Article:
Dual Nationality in the European Union: A study on changing norms in public and private international law and in the municipal laws of four EU member state
Title: Dual Nationality in the European Union: A study on changing norms in public and private international law and in the municipal laws of four EU member state
Author: VONK, Olivier
Citation: Florence, European University Institute, 2010
Series/Report no.: EUI PhD theses; Department of Law
The main objective of this study is to examine the phenomenon of dual nationality in the European Union (EU), particularly against the background of the status of European citizenship - a status that is linked to the nationality of each EU Member State (Article 20(1) of the Treaty on the Functioning of the European Union provides that ‘citizenship of the Union shall be additional to and not replace national citizenship’). The study consists of two parts. The first part (Chapters 1 and 2) sets out the approach towards (dual) nationality in Private International Law and EU Law, in particular by analyzing the case law of the European Court of Justice (ECJ). The second part (Chapters 3- 6) consists of an overview of the dual nationality regimes in four EU Member States - France, Italy, the Netherlands and Spain -, and their possible effects on the EU as a whole. Chapter 2 of the thesis is entitled the ‘intra-EU context’, since it primarily deals with the ECJ’s approach towards a dual nationality consisting of two Member State nationalities. The country reports, on the other hand, deal with the ‘extra-EU context’ because the dual nationality policies of the countries under consideration predominantly affect non-Member State nationals. Thus, France and the Netherlands have for some time already faced the question how to integrate the (Muslim) immigrant population; Italy and Spain have long since adopted a system of preferential treatment for (Latin American) former emigrants and their descendants. The country reports demonstrate how dual nationality is used (or rejected) in these four countries. Finally, the question whether the EU should in time acquire (limited) competence in the field of European nationality law is one of the major themes of this study. Regardless of one’s stance on this question, it must be readily admitted that the subject of Member State autonomy in nationality law is becoming ever more salient with the enlargement of the Union and the growing relevance of European citizenship in the case law of the ECJ. In the opinion of this author, the study shows that the almost absolute autonomy of Member States in the field of nationality law is becoming increasingly problematic for the EU as a whole. Based inter alia on the findings from the country reports, this thesis takes the position that there is arguably a need for the (minimum) harmonization of European nationality laws.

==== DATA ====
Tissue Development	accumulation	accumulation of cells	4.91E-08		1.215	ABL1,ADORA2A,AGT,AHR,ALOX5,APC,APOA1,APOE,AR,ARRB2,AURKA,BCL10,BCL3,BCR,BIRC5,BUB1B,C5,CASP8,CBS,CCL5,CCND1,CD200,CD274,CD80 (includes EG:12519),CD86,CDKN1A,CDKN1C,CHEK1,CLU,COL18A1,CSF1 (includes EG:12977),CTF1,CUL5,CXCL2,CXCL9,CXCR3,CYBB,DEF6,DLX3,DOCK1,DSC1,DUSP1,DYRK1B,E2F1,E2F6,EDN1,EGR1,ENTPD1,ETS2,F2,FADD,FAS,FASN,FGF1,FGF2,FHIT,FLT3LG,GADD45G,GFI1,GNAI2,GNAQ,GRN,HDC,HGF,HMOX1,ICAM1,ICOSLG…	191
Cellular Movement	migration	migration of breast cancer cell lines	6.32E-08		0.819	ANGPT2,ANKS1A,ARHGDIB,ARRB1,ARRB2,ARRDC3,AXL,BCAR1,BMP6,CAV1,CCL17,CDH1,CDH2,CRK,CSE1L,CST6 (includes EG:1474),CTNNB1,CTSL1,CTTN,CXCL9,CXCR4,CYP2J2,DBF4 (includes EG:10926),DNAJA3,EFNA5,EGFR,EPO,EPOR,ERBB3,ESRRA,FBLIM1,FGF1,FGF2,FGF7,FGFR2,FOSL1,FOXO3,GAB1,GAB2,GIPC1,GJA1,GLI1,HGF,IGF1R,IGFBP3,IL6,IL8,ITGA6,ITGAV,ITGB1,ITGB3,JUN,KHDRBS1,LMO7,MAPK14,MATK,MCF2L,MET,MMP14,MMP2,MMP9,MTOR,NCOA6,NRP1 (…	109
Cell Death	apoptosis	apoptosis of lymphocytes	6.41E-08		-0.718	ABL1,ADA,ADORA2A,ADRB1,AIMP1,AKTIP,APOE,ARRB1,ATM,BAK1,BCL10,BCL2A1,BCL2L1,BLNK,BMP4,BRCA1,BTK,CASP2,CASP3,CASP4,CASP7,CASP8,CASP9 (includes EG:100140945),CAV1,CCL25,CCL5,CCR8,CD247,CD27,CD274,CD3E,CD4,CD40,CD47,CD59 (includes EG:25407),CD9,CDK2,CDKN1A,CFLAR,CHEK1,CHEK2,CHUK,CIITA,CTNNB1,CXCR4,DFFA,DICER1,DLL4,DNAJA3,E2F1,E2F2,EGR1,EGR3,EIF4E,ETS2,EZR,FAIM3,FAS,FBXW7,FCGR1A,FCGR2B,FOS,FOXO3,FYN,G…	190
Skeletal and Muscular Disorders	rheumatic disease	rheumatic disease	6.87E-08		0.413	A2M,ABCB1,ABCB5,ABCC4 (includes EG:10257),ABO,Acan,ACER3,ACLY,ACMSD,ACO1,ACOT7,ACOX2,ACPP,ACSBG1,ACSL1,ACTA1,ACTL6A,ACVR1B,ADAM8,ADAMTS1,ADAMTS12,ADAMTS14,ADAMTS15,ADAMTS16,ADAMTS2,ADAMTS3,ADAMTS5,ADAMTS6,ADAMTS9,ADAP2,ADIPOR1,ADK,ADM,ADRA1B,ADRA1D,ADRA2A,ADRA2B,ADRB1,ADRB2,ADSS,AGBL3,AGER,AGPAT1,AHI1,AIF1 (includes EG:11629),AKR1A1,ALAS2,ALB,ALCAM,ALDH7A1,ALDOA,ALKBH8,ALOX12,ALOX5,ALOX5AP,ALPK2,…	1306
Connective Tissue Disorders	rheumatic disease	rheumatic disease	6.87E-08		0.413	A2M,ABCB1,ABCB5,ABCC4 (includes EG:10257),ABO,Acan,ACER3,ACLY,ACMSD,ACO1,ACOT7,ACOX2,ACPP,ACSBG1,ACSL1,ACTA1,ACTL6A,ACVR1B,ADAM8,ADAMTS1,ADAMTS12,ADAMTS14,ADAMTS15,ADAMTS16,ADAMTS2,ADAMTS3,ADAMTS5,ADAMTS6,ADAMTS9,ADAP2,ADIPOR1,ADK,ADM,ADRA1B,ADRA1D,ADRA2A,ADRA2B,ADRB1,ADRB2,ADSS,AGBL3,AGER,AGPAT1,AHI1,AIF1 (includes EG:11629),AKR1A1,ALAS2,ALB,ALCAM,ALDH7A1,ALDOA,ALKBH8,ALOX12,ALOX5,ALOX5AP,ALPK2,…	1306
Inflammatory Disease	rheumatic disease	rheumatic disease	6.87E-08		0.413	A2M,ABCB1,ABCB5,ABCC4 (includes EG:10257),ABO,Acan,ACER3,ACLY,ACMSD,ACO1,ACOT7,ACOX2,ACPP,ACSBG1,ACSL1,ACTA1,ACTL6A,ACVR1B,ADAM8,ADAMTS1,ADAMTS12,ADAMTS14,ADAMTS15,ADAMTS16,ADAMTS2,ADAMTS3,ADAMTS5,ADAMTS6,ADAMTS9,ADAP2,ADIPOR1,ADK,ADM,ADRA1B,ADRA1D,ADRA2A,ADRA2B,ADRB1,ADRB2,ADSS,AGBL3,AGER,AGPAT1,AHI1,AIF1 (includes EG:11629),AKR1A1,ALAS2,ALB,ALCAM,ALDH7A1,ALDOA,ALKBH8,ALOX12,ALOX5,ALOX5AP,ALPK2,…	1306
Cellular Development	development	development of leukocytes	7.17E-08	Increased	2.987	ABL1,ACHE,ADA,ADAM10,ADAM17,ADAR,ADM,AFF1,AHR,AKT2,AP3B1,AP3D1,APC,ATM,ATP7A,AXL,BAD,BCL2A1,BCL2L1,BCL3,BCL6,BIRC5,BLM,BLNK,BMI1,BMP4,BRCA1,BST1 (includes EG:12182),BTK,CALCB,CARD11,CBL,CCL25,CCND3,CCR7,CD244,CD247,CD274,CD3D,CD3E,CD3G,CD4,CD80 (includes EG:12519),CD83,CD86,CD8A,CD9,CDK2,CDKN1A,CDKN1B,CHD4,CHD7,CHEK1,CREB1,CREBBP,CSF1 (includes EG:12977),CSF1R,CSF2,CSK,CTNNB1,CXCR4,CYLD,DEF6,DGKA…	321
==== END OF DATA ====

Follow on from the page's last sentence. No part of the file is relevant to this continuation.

Subject: Public welfare; Law and legislation; European Economic Community countries
LC Subject Heading: Public welfare -- Law and legislation -- European Economic Community countries; International law -- European Union countries
Defense date: 19/11/2010; Examining Board: Rainer BAUBOCK (EUI) Gerard-René DE GROOT (Universiteit Maastricht) Marie-Ange MOREAU (Supervisor, EUI) Bruno NASCIMBENE (Università degli Studi di Milano)
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